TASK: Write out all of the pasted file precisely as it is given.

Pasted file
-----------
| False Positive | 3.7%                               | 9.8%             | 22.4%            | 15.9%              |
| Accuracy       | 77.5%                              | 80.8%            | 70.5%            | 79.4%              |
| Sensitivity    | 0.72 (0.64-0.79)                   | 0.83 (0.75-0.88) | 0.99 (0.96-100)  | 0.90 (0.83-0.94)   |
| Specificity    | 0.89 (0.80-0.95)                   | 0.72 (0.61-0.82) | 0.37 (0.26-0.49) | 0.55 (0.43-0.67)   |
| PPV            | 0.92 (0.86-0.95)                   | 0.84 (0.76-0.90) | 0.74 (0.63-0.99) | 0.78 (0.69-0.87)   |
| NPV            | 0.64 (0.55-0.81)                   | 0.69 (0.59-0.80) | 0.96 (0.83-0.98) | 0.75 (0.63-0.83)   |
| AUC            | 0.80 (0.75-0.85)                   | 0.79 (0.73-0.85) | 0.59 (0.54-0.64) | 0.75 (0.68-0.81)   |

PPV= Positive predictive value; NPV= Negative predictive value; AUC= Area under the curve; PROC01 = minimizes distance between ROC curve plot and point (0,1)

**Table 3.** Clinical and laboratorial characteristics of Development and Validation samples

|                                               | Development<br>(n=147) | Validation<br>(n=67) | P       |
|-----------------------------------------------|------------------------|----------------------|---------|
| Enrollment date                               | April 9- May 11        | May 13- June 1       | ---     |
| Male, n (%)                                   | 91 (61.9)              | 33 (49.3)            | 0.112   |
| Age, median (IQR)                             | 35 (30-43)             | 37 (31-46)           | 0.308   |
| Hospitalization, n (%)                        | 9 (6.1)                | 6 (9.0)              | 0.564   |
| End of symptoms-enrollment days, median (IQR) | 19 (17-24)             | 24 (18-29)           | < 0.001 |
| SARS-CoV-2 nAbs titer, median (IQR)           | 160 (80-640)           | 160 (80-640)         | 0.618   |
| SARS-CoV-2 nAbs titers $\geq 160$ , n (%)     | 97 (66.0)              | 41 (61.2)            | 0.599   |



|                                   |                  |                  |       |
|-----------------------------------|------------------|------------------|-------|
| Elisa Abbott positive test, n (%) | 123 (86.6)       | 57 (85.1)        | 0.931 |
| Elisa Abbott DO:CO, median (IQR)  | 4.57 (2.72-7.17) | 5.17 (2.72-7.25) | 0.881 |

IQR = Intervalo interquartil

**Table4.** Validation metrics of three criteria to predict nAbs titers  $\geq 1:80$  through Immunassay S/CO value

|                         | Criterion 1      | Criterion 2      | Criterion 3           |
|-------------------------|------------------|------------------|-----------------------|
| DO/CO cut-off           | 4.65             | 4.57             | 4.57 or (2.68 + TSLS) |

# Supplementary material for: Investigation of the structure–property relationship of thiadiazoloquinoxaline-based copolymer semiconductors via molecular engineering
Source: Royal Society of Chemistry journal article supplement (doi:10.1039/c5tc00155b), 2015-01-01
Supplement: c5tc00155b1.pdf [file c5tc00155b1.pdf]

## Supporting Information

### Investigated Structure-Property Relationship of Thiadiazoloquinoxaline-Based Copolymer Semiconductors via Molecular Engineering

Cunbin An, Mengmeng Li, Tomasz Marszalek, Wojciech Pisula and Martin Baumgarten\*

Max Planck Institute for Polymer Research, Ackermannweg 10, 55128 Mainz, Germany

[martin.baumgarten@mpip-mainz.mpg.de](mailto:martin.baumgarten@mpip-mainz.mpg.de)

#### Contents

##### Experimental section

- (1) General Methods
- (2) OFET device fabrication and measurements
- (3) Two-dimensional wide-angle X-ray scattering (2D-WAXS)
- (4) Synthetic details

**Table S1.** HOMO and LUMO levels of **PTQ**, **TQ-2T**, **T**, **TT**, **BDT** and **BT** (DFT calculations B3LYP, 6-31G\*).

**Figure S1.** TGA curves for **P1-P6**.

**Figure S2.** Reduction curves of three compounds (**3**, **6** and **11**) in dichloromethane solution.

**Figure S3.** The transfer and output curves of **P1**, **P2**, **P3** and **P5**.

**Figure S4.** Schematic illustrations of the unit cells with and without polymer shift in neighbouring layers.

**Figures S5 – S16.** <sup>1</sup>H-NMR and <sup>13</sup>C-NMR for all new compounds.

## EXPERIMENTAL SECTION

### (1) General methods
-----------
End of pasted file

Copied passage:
| False Positive | 3.7%                               | 9.8%             | 22.4%            | 15.9%              |
| Accuracy       | 77.5%                              | 80.8%            | 70.5%            | 79.4%              |
| Sensitivity    | 0.72 (0.64-0.79)                   | 0.83 (0.75-0.88) | 0.99 (0.96-100)  | 0.90 (0.83-0.94)   |
| Specificity    | 0.89 (0.80-0.95)                   | 0.72 (0.61-0.82) | 0.37 (0.26-0.49) | 0.55 (0.43-0.67)   |
| PPV            | 0.92 (0.86-0.95)                   | 0.84 (0.76-0.90) | 0.74 (0.63-0.99) | 0.78 (0.69-0.87)   |
| NPV            | 0.64 (0.55-0.81)                   | 0.69 (0.59-0.80) | 0.96 (0.83-0.98) | 0.75 (0.63-0.83)   |
| AUC            | 0.80 (0.75-0.85)                   | 0.79 (0.73-0.85) | 0.59 (0.54-0.64) | 0.75 (0.68-0.81)   |

PPV= Positive predictive value; NPV= Negative predictive value; AUC= Area under the curve; PROC01 = minimizes distance between ROC curve plot and point (0,1)

**Table 3.** Clinical and laboratorial characteristics of Development and Validation samples

|                                               | Development<br>(n=147) | Validation<br>(n=67) | P       |
|-----------------------------------------------|------------------------|----------------------|---------|
| Enrollment date                               | April 9- May 11        | May 13- June 1       | ---     |
| Male, n (%)                                   | 91 (61.9)              | 33 (49.3)            | 0.112   |
| Age, median (IQR)                             | 35 (30-43)             | 37 (31-46)           | 0.308   |
| Hospitalization, n (%)                        | 9 (6.1)                | 6 (9.0)              | 0.564   |
| End of symptoms-enrollment days, median (IQR) | 19 (17-24)             | 24 (18-29)           | < 0.001 |
| SARS-CoV-2 nAbs titer, median (IQR)           | 160 (80-640)           | 160 (80-640)         | 0.618   |
| SARS-CoV-2 nAbs titers $\geq 160$ , n (%)     | 97 (66.0)              | 41 (61.2)            | 0.599   |



|                                   |                  |                  |       |
|-----------------------------------|------------------|------------------|-------|
| Elisa Abbott positive test, n (%) | 123 (86.6)       | 57 (85.1)        | 0.931 |
| Elisa Abbott DO:CO, median (IQR)  | 4.57 (2.72-7.17) | 5.17 (2.72-7.25) | 0.881 |

IQR = Intervalo interquartil

**Table4.** Validation metrics of three criteria to predict nAbs titers  $\geq 1:80$  through Immunassay S/CO value

|                         | Criterion 1      | Criterion 2      | Criterion 3           |
|-------------------------|------------------|------------------|-----------------------|
| DO/CO cut-off           | 4.65             | 4.57             | 4.57 or (2.68 + TSLS) |

# Supplementary material for: Investigation of the structure–property relationship of thiadiazoloquinoxaline-based copolymer semiconductors via molecular engineering
Source: Royal Society of Chemistry journal article supplement (doi:10.1039/c5tc00155b), 2015-01-01
Supplement: c5tc00155b1.pdf [file c5tc00155b1.pdf]

## Supporting Information

### Investigated Structure-Property Relationship of Thiadiazoloquinoxaline-Based Copolymer Semiconductors via Molecular Engineering

Cunbin An, Mengmeng Li, Tomasz Marszalek, Wojciech Pisula and Martin Baumgarten\*

Max Planck Institute for Polymer Research, Ackermannweg 10, 55128 Mainz, Germany

[martin.baumgarten@mpip-mainz.mpg.de](mailto:martin.baumgarten@mpip-mainz.mpg.de)

#### Contents

##### Experimental section

- (1) General Methods
- (2) OFET device fabrication and measurements
- (3) Two-dimensional wide-angle X-ray scattering (2D-WAXS)
- (4) Synthetic details

**Table S1.** HOMO and LUMO levels of **PTQ**, **TQ-2T**, **T**, **TT**, **BDT** and **BT** (DFT calculations B3LYP, 6-31G\*).

**Figure S1.** TGA curves for **P1-P6**.

**Figure S2.** Reduction curves of three compounds (**3**, **6** and **11**) in dichloromethane solution.

**Figure S3.** The transfer and output curves of **P1**, **P2**, **P3** and **P5**.

**Figure S4.** Schematic illustrations of the unit cells with and without polymer shift in neighbouring layers.

**Figures S5 – S16.** <sup>1</sup>H-NMR and <sup>13</sup>C-NMR for all new compounds.

## EXPERIMENTAL SECTION

### (1) General methods